As part of the school’s youth scheme the older children are given time to learn first-hand about the different jobs on the island. One of the school children went out to sea for the day with the fishermen. Using nets and traps they fished for crayfish. Find out more in this first-hand account written by one of the school children.

The gong sounded early in the morning announcing that the weather was good for fishing. I could hear the fisherman’s gumboots hitting the concrete streets as they headed down to the beach with their bundles of food and fishing gear.

Crane lowers fishing boat (c) Shannon
Crane lowering the fishing boat

Deploying the boats

The boats were brought to the crane on a trolley pulled by a tractor. The boats were then hooked up by a sling and lifted into the water by the crane. The crane squeaked as it dropped the boats into the water. Then men got into the boats and headed out with their fishing gear. For safety a minimum of two people work per boat, however because I was on my youth scheme I was allowed to sit in the boat for the day.

Did you know we have only 12 fishing boats all together, not including the safety boat the Sea Spray (which is moving around checking no one is in trouble).

Nets and traps to catch crayfish

The two fishermen decided on where they wanted to fish and headed to their spot. The noisy boat engines started, and the smell of engine fumes was overpowering at first but as we got moving the salty sea water smelt much better! When we arrived at our destination the 32 nets were submerged into the water in different positions along with the 16 traps. The traps made a satisfying splash sound as they landed in the water. The birds came close to the boat hoping to steal some of the bait or the catch! Then we settled down once the traps has been set and had something to eat out of our backpacks.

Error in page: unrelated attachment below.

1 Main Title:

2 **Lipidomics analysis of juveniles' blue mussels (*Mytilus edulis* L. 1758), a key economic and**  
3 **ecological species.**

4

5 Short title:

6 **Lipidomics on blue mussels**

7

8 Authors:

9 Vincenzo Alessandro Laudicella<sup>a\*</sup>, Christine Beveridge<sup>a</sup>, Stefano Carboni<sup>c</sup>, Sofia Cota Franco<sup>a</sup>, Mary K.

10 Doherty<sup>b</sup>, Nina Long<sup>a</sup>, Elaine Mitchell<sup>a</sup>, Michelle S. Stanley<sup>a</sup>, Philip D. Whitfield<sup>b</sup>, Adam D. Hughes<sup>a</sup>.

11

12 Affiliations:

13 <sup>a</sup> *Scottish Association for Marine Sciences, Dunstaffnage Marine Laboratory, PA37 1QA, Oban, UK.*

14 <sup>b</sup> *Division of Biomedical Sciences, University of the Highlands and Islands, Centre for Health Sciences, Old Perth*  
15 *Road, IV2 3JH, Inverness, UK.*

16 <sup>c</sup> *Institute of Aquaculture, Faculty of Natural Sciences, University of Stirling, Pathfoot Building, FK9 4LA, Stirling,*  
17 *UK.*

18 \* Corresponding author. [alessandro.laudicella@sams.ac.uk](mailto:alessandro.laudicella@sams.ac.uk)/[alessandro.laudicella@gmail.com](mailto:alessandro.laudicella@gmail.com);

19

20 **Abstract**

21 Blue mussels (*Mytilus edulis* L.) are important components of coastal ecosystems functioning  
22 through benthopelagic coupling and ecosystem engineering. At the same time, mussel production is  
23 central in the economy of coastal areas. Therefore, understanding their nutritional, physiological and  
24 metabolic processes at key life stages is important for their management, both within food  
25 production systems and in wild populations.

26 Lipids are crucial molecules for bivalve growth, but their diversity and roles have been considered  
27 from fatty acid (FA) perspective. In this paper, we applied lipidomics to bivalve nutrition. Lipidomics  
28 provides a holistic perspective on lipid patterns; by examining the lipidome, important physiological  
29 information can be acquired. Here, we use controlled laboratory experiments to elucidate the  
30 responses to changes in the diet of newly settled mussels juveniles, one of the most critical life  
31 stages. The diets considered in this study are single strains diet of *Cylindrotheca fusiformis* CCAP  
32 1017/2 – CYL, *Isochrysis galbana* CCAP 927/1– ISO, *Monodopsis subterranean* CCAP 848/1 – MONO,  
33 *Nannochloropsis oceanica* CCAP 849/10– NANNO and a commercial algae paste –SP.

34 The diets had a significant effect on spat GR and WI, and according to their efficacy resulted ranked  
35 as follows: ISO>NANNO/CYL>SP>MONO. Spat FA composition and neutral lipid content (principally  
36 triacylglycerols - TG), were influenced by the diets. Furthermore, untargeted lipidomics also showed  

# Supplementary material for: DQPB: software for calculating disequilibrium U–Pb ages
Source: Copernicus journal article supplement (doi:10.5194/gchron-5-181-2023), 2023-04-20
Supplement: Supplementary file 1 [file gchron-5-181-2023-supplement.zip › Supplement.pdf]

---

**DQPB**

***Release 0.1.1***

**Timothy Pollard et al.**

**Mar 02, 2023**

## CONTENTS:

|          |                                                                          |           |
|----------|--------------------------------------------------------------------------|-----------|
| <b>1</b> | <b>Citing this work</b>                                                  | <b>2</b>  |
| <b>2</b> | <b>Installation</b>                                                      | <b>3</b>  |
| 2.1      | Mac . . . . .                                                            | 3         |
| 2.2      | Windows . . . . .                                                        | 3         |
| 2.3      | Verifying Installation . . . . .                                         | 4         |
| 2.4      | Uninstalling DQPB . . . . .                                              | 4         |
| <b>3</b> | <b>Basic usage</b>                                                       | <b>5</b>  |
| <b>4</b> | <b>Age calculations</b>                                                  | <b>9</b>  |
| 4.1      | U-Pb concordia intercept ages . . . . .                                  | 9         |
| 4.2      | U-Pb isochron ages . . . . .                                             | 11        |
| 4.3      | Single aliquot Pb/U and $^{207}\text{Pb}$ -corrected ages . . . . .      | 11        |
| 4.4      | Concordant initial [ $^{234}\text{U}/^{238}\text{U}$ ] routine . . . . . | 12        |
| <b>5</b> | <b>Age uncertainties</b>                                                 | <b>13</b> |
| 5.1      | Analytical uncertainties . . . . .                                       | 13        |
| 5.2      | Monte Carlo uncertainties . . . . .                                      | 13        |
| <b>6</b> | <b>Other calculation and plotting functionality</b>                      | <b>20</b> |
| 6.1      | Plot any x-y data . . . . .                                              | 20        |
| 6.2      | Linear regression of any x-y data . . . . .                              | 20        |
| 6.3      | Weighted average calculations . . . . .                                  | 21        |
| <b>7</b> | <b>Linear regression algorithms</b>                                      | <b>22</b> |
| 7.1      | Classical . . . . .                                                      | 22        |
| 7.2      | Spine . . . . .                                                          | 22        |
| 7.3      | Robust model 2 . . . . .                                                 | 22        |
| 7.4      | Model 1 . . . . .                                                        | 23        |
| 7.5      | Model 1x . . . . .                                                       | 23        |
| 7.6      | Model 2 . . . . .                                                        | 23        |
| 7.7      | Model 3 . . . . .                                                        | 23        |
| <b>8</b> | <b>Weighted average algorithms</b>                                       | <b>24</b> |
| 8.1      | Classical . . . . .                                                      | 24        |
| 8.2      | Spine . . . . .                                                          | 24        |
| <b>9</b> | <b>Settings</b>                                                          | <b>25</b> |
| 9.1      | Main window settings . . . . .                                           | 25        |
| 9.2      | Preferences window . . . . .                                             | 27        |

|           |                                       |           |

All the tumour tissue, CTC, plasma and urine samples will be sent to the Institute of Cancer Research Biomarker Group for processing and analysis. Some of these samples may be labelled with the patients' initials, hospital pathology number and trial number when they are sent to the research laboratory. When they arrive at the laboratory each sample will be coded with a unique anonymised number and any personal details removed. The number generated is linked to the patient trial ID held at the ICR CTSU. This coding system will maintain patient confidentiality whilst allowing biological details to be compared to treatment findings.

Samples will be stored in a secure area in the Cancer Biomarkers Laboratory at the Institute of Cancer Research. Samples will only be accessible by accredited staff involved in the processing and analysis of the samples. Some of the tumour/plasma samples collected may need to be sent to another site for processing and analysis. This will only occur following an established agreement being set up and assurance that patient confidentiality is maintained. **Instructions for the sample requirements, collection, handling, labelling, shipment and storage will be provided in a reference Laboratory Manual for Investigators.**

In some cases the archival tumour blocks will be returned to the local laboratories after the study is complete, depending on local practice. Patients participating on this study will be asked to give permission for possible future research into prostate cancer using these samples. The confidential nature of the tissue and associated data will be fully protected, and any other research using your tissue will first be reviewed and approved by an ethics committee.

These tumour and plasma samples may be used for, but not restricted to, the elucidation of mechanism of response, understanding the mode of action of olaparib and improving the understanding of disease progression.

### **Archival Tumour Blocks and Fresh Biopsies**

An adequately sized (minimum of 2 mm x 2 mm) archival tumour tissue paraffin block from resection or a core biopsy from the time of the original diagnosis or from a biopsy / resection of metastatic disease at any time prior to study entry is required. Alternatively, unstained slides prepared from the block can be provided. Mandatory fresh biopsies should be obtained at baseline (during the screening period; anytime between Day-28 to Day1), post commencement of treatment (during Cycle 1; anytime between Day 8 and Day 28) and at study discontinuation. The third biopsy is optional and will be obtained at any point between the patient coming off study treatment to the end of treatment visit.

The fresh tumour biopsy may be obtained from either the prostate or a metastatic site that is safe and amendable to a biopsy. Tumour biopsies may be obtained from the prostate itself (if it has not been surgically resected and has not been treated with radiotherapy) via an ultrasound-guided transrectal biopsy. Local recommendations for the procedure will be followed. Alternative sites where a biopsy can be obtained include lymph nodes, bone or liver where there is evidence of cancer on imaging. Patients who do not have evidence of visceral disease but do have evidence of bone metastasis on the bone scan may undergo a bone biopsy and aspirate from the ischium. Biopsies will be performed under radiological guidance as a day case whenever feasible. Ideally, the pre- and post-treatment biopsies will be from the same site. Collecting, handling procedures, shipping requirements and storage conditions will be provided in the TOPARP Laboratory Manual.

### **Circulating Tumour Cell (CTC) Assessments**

Sorting the catch

Then we went to pick up the first round of nets and traps. I listened to the winch hauling up the traps and I could hear the fish flapping as they were placed into the trays. They were full of mainly crayfish and some octopus (known locally as catfish) and five fingers (a local). The five fingers were placed back into the water. The bait is tied on ready for the second round. The bait is quite stinky, not great when you’re feeling a little seasick! Once this process is done the men sorted their crayfish and made sure there were no undersized or berried crayfish (females with eggs) if so, they were chucked back into the water. The others are placed into 40kg trays ready for the Sea Spray vessel to pick up and take back to the harbour to being processed. Then we repeated this fishing process three or four more times.

Returning to the harbour

At the third or fourth catch the fishermen picked up all their nets and traps and sorted everything out including their catch before heading back to the harbour. All boats must be seen outside of the harbour between the times 5.30pm and 6.00pm for safety reasons. Once all boats are in the harbour the Sea Spray comes in.

The boat’s trays (catches) were lifted in slings, weighed and then taken to the factory to be processed.

Meanwhile the boat is lifted and taken onto the trolley to its position. One man stays in a boat to sort the fishing gear and check it while the other prepares the bait ready for the next fishing day.

My day fishing

What I enjoyed about my fishing day was seeing around the island and how the fisherman operated their gear.

I was seasick so didn’t enjoy it as much as I would have liked. Despite begin seasick I learnt how the men set the gear, haul it, sort and measured the crayfish for undersized.

Fishing is important because it is our main income for the island and is part of our livelihood.

Watch the video made by Tristan school leaver as they share their expereince fishing for the first time on Tristan da Cunha.

Rock lobster (c) Sue Scott
Rock lobster (c) Sue Scott

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